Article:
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5 Steps to go from Film Student to Production Company Owner

The method of transitioning from film student to business owner isn't exactly an obvious path. There are a number of useful strategies you must to add to your game in order to successfully make the jump. Once you master these new skills you will be facing a whole new set of entrepreneurial challenges far beyond what creative education has likely prepared you for. The key to overcoming them consists of seeking the right mindset, people, and tactics.

We're going to breakdown 5 pivotal steps to take if you are interested in starting your own production company after film school. I used many of these same strategies during the creation of my own video production company Clum Creative. Following these steps provides a clear outline for scaling up your business from one ambitious film student to a full fledged CEO.

Step 1: Have a service you can sell

The fact you attended film school doesn't automatically qualify you to make marketing videos for businesses. You have to build a portfolio of sellable work with examples that are relevant to the companies you are pitching. This means that aside from demonstrating the ability to produce high quality video, your work will need to reflect the specific needs of your clientele. The 30 minute short film you made in school is unlikely to impress someone who wants a business overview video, explainer video, training video, or sizzle reel. Go learn how to produce these styles of video and do it well, then you can begin to build a reliable and profitable list of clients.

The easiest way to get experience making corporate videos is through doing free work. Working for free isn't always ideal but in the beginning it allow you to develop new skills and expand your portfolio. It also helps to establish relationships with clients who could offer paid opportunities in the future. I'd recommend this strategy even for people who are trying to get a job in video production. Reach out to the marketing director of 100 companies and offer to do one free video project. Choose small to midsize businesses that are likely to respond but will also provide meaningful portfolio pieces. You want to do this strategically and make it worth your time.

Once a manageable handful of companies have agreed to accept your free work you can then start to build your new business focused portfolio. Remember to take these projects seriously despite the fact they are unpaid. The videos in your portfolio should reflect the best you can do as an individual. Get 3 or 4 solid example videos showing what you can offer potential clients.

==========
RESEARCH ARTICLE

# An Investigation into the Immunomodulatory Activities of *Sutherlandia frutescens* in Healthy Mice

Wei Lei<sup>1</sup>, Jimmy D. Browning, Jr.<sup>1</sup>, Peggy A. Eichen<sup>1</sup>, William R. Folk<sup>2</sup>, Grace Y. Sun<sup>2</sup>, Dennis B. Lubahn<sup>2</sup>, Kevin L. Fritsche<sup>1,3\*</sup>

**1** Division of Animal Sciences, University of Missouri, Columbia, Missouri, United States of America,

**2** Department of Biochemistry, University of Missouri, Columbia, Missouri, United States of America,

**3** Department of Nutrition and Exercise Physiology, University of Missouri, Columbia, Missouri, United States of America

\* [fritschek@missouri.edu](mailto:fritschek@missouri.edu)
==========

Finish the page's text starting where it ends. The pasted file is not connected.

When you're finished with your initial list, reach out to an additional list of companies after that.

As time goes on you will develop a strong body of work that will make it easier to gain paid gigs.

Step 2: Get to $5000 a month

If you're just getting out of college, you have to develop a profitable client list. You need 1-5 projects a month that are totaling at least $5,000 in revenue. This will require you to master the art and science of finding good leads. Your best weapon in the beginning will be cold outreach through Linkedin, email, and over the phone. Learn how to network and package your services on a website and vimeo. The goal is to create a personal brand and get that in front of people. As a freelancer, you must build a pipeline that can support the demand of 1-6 projects a month.

The big key here is mastering the concept of time expansion. You can't simply manage time, you need to expand time. Optimize your business in a way that allows you to get leads even while you're working on other things. You have to be able to do everything at the same time. If you can't do that it will hinder your ability to establish a functional business. Finding a way to streamline and juggle your workflow is the secret to becoming a one person company.